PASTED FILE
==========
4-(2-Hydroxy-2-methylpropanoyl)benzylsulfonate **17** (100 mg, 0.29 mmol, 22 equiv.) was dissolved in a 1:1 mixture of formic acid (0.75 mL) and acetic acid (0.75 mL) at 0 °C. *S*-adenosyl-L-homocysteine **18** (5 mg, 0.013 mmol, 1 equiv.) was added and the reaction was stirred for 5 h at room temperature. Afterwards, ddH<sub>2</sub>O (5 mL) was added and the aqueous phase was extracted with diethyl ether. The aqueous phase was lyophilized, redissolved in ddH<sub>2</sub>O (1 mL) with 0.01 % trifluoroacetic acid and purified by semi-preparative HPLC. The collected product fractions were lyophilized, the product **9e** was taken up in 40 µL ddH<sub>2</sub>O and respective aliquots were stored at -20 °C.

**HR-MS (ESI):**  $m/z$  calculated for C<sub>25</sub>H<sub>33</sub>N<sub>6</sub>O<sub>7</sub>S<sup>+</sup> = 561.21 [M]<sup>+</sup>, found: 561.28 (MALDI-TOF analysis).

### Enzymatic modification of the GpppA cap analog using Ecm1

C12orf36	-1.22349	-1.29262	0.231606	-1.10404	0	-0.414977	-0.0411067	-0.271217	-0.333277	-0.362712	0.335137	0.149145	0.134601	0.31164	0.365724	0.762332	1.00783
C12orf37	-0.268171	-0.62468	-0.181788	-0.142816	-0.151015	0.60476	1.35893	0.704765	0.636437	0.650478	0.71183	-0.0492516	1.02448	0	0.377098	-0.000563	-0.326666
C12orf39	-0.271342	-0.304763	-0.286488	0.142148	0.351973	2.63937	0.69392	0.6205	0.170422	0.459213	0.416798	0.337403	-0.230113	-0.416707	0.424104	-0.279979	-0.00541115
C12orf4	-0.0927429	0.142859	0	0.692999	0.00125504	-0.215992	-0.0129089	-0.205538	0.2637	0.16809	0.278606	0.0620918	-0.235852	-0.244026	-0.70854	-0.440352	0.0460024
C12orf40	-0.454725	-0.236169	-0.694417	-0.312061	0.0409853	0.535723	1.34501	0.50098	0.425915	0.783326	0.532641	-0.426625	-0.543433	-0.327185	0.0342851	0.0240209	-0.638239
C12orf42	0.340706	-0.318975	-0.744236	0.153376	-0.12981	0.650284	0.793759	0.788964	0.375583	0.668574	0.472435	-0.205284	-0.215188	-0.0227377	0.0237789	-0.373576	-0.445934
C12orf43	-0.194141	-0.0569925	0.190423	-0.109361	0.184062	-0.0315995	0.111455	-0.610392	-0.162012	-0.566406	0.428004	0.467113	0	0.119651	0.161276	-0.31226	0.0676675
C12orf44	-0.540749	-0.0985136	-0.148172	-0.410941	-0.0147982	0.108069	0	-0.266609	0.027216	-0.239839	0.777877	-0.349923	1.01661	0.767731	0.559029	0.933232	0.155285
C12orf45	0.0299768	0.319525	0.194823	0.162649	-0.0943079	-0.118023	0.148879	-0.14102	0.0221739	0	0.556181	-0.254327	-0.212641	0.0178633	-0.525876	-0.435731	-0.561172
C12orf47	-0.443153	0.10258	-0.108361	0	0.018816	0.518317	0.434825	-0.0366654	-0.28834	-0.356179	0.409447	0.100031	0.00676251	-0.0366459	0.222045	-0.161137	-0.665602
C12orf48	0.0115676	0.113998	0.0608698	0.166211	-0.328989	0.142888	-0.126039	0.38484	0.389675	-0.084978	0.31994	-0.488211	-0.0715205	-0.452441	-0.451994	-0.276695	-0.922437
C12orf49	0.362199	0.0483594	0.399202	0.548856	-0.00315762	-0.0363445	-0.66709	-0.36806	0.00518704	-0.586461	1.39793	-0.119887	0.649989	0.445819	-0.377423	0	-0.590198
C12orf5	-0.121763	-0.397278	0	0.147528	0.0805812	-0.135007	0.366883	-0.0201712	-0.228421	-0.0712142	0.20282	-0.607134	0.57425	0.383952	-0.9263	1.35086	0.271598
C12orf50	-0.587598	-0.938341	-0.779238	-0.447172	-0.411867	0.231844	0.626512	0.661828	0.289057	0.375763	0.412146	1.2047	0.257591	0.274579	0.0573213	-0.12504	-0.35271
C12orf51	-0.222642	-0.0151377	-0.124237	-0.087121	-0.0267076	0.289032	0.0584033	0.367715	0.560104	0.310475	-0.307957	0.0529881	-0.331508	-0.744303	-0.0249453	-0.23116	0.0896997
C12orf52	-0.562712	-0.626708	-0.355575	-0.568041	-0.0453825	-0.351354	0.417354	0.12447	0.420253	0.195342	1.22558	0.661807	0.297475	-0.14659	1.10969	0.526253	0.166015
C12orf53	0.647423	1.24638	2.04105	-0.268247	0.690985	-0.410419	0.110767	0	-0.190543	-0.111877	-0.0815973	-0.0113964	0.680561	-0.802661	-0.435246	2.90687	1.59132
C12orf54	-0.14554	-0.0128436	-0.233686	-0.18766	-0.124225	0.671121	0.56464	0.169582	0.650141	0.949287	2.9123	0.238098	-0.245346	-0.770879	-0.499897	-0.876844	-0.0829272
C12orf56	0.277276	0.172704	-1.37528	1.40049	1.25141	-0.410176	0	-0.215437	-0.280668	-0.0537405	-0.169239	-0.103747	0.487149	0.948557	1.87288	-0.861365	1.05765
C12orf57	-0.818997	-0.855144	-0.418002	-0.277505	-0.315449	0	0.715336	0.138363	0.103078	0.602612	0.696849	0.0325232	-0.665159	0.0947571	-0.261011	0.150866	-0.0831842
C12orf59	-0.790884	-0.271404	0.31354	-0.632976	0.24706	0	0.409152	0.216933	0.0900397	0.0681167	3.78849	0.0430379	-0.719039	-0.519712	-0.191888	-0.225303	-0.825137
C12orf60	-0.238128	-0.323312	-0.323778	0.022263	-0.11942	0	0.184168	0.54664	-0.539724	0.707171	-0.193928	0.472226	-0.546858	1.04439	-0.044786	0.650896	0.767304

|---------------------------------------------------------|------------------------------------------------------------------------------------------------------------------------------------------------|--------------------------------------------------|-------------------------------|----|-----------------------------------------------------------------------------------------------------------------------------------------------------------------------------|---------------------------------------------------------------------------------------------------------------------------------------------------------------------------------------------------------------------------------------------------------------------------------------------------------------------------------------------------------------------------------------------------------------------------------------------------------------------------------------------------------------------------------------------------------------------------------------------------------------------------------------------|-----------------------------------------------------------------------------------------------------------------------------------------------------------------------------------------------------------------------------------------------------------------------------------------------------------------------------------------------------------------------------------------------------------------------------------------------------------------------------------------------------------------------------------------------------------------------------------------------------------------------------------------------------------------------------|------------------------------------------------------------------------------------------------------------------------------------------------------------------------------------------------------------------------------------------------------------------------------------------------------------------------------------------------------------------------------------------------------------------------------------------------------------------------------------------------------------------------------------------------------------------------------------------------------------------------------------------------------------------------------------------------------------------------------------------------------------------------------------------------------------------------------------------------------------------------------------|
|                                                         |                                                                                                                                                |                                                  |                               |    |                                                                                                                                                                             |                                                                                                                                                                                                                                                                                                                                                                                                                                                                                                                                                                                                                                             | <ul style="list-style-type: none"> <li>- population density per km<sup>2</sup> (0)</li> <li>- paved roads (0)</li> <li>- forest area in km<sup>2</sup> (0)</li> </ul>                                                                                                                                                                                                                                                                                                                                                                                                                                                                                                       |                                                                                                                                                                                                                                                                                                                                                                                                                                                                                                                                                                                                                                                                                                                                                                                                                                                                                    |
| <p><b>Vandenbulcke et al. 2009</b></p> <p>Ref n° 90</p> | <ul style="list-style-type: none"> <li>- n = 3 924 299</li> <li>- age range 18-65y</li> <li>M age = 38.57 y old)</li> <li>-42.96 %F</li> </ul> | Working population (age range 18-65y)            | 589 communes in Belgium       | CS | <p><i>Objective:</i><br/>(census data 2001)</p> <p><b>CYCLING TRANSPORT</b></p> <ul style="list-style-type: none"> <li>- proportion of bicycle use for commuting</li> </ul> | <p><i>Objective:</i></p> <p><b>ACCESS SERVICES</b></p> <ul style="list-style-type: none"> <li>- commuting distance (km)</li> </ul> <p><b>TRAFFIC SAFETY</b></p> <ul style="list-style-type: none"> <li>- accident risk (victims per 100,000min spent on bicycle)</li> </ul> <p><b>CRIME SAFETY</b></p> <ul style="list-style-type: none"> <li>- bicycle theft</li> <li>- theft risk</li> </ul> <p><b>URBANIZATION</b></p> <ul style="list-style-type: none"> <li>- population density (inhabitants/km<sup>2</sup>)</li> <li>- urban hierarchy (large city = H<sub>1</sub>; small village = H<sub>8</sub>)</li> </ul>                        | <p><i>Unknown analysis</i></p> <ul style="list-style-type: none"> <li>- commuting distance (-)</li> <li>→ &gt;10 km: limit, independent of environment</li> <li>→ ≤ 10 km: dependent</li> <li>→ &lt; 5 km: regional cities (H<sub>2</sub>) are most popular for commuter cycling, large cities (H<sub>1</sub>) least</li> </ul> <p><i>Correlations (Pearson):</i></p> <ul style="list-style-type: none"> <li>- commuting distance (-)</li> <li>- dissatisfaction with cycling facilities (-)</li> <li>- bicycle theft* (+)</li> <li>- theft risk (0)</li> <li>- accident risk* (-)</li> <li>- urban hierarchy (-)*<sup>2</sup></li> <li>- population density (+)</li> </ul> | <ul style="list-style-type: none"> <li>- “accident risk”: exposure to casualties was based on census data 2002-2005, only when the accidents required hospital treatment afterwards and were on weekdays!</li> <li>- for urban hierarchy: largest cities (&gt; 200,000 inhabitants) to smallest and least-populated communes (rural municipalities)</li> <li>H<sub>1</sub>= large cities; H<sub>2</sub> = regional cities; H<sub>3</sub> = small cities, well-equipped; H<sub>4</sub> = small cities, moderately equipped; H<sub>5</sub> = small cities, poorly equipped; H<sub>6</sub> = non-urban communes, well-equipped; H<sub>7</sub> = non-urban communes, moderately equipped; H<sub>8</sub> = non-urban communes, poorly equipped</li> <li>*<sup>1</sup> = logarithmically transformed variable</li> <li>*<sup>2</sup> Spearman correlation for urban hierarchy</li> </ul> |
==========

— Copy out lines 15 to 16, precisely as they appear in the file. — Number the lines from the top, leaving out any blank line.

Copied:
C12orf49	0.362199	0.0483594	0.399202	0.548856	-0.00315762	-0.0363445	-0.66709	-0.36806	0.00518704	-0.586461	1.39793	-0.119887	0.649989	0.445819	-0.377423	0	-0.590198
C12orf5	-0.121763	-0.397278	0	0.147528	0.0805812	-0.135007	0.366883	-0.0201712	-0.228421	-0.0712142	0.20282	-0.607134	0.57425	0.383952	-0.9263	1.35086	0.271598